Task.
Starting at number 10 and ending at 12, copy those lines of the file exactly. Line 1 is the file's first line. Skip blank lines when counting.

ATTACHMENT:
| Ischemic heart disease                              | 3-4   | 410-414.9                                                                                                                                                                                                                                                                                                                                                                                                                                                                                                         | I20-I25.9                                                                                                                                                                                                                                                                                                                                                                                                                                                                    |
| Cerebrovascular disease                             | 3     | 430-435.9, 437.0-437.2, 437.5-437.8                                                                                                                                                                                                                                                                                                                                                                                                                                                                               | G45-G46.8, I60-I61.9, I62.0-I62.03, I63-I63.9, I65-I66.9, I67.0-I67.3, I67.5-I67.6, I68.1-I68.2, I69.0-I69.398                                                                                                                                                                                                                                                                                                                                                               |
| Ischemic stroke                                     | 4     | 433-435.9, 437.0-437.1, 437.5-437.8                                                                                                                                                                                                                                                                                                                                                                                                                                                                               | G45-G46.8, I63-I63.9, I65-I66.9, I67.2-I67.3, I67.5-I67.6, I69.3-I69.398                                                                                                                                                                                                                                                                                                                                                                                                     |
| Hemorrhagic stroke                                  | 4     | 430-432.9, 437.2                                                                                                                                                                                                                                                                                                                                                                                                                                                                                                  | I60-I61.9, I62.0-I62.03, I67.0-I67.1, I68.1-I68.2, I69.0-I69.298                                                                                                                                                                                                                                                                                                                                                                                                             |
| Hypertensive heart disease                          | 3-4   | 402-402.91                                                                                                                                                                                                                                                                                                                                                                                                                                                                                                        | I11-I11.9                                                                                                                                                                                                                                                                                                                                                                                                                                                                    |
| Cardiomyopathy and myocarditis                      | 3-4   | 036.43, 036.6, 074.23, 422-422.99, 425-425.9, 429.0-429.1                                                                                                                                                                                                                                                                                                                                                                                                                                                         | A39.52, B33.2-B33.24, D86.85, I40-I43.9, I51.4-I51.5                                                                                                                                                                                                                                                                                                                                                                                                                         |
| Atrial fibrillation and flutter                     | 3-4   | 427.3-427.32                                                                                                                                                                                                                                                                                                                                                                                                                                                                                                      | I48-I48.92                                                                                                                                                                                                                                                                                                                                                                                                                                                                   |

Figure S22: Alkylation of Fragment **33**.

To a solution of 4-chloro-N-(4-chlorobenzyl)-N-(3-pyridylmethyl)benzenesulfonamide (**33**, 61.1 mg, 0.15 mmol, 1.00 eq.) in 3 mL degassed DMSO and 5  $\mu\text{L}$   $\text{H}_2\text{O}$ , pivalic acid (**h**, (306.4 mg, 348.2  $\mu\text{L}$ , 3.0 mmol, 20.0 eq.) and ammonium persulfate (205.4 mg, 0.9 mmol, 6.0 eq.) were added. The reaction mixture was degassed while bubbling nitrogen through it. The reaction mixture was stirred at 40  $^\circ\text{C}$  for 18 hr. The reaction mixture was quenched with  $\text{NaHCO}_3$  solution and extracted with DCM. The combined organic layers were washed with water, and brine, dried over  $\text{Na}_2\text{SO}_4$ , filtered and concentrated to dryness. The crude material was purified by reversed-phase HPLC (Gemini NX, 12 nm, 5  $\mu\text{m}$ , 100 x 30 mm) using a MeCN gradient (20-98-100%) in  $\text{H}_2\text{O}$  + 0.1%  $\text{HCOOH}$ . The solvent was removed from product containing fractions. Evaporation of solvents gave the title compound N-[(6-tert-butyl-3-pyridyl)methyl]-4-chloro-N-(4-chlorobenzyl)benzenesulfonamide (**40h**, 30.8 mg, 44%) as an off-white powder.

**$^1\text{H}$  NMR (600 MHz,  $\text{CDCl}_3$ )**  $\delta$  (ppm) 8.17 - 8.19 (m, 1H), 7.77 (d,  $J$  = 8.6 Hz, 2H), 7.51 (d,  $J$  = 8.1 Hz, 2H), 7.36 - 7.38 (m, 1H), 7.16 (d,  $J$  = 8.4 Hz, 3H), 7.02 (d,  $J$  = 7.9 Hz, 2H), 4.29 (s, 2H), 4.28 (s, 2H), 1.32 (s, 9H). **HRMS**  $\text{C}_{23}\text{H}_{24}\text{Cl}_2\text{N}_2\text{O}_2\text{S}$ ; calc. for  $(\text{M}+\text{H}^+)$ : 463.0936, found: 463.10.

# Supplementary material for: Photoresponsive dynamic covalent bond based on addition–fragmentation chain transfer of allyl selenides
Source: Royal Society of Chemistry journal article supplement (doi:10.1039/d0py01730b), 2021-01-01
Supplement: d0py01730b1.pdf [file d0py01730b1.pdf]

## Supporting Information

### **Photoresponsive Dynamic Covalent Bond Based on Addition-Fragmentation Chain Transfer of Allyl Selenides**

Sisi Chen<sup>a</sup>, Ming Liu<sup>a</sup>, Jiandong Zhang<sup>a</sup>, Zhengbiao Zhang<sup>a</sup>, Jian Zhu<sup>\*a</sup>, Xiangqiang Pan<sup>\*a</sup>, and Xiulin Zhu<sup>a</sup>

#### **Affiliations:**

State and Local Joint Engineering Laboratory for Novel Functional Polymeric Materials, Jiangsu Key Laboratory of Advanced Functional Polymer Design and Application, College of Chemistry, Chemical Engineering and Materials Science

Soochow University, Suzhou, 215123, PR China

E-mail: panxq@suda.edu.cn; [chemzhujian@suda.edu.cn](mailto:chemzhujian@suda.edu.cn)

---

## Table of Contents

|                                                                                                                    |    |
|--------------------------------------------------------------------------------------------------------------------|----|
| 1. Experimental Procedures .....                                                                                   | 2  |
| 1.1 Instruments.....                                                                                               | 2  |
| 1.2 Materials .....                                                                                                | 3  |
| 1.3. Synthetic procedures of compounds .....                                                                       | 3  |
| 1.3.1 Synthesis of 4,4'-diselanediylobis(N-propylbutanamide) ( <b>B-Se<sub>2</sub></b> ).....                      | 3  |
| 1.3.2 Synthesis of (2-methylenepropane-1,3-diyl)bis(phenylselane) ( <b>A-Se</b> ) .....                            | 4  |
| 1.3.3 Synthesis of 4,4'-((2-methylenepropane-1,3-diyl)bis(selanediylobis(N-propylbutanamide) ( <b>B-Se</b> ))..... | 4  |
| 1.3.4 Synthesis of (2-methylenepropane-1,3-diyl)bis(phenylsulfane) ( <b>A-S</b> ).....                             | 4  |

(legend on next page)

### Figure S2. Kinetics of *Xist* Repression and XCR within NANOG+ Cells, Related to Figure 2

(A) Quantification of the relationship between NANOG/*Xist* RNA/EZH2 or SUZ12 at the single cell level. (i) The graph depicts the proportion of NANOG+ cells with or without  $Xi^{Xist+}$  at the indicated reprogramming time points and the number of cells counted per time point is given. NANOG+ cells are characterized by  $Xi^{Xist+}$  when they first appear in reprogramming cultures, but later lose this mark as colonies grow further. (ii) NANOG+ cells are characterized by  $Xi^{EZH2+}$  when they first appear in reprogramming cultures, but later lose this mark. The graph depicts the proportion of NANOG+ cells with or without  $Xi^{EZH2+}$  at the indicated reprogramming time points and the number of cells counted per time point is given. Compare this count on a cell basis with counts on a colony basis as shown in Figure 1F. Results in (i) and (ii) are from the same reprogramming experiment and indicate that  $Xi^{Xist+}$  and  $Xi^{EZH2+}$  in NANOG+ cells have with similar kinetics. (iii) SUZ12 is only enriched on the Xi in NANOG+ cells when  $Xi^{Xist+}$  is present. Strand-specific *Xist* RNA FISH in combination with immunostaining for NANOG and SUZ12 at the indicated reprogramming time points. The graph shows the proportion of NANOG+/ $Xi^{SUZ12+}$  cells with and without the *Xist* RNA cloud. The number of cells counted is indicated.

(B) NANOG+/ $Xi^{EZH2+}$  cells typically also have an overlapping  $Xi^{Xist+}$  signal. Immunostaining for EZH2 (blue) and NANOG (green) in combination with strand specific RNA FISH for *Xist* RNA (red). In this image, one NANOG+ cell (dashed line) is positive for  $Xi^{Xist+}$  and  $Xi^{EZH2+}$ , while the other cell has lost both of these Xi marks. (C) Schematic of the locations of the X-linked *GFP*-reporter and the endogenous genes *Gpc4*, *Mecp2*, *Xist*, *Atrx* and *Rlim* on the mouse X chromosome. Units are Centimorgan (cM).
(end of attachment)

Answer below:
**$^1\text{H}$  NMR (600 MHz,  $\text{CDCl}_3$ )**  $\delta$  (ppm) 8.17 - 8.19 (m, 1H), 7.77 (d,  $J$  = 8.6 Hz, 2H), 7.51 (d,  $J$  = 8.1 Hz, 2H), 7.36 - 7.38 (m, 1H), 7.16 (d,  $J$  = 8.4 Hz, 3H), 7.02 (d,  $J$  = 7.9 Hz, 2H), 4.29 (s, 2H), 4.28 (s, 2H), 1.32 (s, 9H). **HRMS**  $\text{C}_{23}\text{H}_{24}\text{Cl}_2\text{N}_2\text{O}_2\text{S}$ ; calc. for  $(\text{M}+\text{H}^+)$ : 463.0936, found: 463.10.

# Supplementary material for: Photoresponsive dynamic covalent bond based on addition–fragmentation chain transfer of allyl selenides
Source: Royal Society of Chemistry journal article supplement (doi:10.1039/d0py01730b), 2021-01-01